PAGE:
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GI nuisance from WW2 might be useful for cellulose based ethanol

New Scientist recently mentioned a really cool method for cellulose based ethanol in their daily 60-second science podcast. During the second world war, our GI's had a problem with a cloth eating fungus that ate through tents and shirts.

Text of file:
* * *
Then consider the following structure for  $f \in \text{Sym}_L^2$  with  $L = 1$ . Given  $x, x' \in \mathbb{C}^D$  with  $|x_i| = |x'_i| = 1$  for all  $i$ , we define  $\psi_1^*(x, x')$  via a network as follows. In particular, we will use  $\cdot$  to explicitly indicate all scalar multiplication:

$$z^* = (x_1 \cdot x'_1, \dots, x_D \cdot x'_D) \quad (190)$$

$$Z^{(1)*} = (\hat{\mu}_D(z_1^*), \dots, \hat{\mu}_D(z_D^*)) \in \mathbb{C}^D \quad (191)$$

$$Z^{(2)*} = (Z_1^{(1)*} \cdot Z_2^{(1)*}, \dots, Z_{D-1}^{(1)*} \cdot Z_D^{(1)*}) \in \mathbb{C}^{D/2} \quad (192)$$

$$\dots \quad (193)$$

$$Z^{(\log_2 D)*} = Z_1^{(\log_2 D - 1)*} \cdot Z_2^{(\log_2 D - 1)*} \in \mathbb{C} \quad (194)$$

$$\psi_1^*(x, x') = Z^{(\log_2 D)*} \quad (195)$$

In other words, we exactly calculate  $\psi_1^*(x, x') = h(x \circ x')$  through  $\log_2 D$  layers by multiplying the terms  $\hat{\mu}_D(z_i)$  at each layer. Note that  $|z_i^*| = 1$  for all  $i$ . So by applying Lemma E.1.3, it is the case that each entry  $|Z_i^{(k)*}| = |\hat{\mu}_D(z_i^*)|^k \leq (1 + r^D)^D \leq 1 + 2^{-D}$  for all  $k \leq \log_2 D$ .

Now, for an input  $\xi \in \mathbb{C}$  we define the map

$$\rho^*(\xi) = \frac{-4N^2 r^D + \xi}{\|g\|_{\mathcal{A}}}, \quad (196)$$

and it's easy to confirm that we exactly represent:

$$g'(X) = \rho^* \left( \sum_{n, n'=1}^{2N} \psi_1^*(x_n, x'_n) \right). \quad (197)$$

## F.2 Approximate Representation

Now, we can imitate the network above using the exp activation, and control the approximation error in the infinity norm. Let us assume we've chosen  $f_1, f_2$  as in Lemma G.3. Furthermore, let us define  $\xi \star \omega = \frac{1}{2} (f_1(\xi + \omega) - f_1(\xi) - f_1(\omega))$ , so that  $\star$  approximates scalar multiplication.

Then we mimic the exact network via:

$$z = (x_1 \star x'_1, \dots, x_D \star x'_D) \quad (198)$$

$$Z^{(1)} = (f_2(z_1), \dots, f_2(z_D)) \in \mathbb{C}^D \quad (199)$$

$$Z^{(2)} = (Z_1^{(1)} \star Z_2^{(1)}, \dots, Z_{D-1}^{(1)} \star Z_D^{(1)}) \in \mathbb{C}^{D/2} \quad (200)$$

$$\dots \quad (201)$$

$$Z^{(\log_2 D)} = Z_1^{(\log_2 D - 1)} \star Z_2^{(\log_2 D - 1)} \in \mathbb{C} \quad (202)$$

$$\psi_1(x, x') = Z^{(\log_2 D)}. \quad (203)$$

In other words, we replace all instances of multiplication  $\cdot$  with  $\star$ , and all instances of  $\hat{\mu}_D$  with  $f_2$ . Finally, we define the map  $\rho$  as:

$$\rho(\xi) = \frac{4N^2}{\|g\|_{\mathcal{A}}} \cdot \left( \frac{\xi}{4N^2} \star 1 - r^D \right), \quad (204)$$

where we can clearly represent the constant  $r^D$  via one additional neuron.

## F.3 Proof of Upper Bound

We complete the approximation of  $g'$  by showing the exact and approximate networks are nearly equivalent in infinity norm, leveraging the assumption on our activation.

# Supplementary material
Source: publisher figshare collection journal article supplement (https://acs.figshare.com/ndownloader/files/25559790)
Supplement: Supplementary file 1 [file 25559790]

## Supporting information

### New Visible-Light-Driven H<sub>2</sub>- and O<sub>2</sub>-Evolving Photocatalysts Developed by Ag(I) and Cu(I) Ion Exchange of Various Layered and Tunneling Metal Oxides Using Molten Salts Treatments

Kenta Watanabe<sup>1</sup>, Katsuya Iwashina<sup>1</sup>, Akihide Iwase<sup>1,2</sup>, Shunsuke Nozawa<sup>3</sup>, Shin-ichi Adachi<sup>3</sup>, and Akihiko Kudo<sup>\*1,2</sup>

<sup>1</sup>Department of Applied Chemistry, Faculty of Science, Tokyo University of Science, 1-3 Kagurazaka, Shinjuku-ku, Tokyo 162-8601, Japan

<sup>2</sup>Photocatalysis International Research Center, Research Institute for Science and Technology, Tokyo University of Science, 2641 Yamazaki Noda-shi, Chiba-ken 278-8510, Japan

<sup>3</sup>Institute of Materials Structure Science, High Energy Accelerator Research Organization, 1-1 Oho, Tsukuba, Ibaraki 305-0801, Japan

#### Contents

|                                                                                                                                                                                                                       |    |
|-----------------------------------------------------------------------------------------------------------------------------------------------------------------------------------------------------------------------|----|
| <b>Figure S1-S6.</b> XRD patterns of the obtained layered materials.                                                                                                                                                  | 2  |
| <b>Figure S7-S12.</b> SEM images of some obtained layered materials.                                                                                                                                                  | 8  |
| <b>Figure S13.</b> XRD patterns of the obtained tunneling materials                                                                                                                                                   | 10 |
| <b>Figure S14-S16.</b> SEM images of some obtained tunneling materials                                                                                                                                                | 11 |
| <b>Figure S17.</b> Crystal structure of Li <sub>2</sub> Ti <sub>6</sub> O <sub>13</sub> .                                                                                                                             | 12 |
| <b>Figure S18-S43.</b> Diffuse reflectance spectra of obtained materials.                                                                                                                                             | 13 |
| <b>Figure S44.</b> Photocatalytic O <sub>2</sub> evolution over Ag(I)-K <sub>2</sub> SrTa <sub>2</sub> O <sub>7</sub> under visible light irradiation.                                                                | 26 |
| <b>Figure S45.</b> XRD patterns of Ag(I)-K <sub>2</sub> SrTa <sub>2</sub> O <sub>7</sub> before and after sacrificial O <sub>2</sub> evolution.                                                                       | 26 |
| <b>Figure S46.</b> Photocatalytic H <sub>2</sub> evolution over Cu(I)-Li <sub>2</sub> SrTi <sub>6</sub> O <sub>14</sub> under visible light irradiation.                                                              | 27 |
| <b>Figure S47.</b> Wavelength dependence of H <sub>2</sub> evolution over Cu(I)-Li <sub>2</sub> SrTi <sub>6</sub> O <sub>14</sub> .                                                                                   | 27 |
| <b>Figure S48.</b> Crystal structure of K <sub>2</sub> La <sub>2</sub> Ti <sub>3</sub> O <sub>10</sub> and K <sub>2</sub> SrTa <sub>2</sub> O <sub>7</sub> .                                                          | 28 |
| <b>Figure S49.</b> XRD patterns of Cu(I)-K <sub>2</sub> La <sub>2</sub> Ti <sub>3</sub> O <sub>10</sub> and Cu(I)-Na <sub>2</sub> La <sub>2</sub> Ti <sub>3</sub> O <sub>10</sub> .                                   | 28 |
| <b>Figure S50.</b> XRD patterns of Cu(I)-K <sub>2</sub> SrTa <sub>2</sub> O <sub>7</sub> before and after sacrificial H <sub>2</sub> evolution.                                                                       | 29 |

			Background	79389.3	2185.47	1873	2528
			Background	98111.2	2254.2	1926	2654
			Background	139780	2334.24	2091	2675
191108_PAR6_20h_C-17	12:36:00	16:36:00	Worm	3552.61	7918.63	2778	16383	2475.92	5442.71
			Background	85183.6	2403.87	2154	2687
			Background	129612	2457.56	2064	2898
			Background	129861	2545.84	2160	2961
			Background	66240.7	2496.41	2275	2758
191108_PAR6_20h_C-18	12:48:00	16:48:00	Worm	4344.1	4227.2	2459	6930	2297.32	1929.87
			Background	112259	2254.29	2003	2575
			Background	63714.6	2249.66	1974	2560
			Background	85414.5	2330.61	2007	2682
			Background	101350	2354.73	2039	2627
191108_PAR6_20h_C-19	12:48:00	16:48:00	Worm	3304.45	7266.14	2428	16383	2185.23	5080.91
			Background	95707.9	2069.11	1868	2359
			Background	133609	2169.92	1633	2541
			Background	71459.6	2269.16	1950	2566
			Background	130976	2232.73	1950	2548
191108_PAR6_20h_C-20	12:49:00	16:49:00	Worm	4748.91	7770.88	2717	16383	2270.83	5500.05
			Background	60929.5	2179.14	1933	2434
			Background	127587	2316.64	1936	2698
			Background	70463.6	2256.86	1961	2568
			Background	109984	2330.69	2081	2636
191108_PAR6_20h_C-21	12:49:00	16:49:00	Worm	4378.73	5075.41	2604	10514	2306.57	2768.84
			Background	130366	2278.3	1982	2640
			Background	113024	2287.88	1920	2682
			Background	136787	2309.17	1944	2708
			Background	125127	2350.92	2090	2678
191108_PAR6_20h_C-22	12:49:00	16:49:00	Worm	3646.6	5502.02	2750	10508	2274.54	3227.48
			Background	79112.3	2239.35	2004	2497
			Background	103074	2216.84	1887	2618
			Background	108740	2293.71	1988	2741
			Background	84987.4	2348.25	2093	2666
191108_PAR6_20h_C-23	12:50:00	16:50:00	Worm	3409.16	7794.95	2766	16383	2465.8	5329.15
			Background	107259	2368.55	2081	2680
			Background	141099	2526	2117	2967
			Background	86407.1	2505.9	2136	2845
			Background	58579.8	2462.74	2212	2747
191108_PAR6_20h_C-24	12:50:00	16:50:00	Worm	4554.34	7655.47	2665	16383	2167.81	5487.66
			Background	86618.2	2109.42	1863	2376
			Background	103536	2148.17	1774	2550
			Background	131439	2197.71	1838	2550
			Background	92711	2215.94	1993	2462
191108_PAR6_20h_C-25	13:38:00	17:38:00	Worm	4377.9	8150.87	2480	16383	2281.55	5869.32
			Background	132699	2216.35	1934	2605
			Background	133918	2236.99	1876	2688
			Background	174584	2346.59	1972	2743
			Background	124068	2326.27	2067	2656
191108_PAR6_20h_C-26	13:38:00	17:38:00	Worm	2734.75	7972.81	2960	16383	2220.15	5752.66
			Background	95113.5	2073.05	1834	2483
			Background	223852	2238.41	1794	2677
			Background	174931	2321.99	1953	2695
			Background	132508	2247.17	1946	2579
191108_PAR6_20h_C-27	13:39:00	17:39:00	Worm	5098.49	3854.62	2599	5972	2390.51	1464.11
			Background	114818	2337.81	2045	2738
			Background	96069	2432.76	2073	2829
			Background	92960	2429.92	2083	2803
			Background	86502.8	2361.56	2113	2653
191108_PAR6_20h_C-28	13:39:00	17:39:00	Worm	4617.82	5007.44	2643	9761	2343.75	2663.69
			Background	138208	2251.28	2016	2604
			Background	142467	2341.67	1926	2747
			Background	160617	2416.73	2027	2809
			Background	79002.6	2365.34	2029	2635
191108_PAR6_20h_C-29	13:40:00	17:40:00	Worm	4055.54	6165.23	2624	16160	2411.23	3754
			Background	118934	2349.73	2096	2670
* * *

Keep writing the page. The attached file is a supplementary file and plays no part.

It sounds like something out of a bad science fiction novel. During World War II, a fungus called Tricoderma reesei ate its way through US military uniforms and tents in the South Pacific. It chewed up the cloth and used special enzymes to convert the indigestible cellulose into simple sugars. Now that infamous fungus is getting some good publicity. It looks like it might hold a key to improving the production of biofuels. Scientists from the Los Alamos National Laboratory published a paper on the fungus's genetic sequence in this week's Nature Biotechnology. The organism uses a surprisingly small number of genes to produce its cellulose-munching enzymes. Scientists say this means its production is extremely efficient. They hope to capitalize on the genetic information to find more efficient and cheaper ways to break down cellulose for ethanol in biofuel production. That cellulose could come from a native plant like switchgrass, or even from municipal waste. And fuel from waste, say scientists, is a more carbon-neutral way to power our cars. Which might make veterans forgive the fungus that ate their shirts. —Cynthia Graber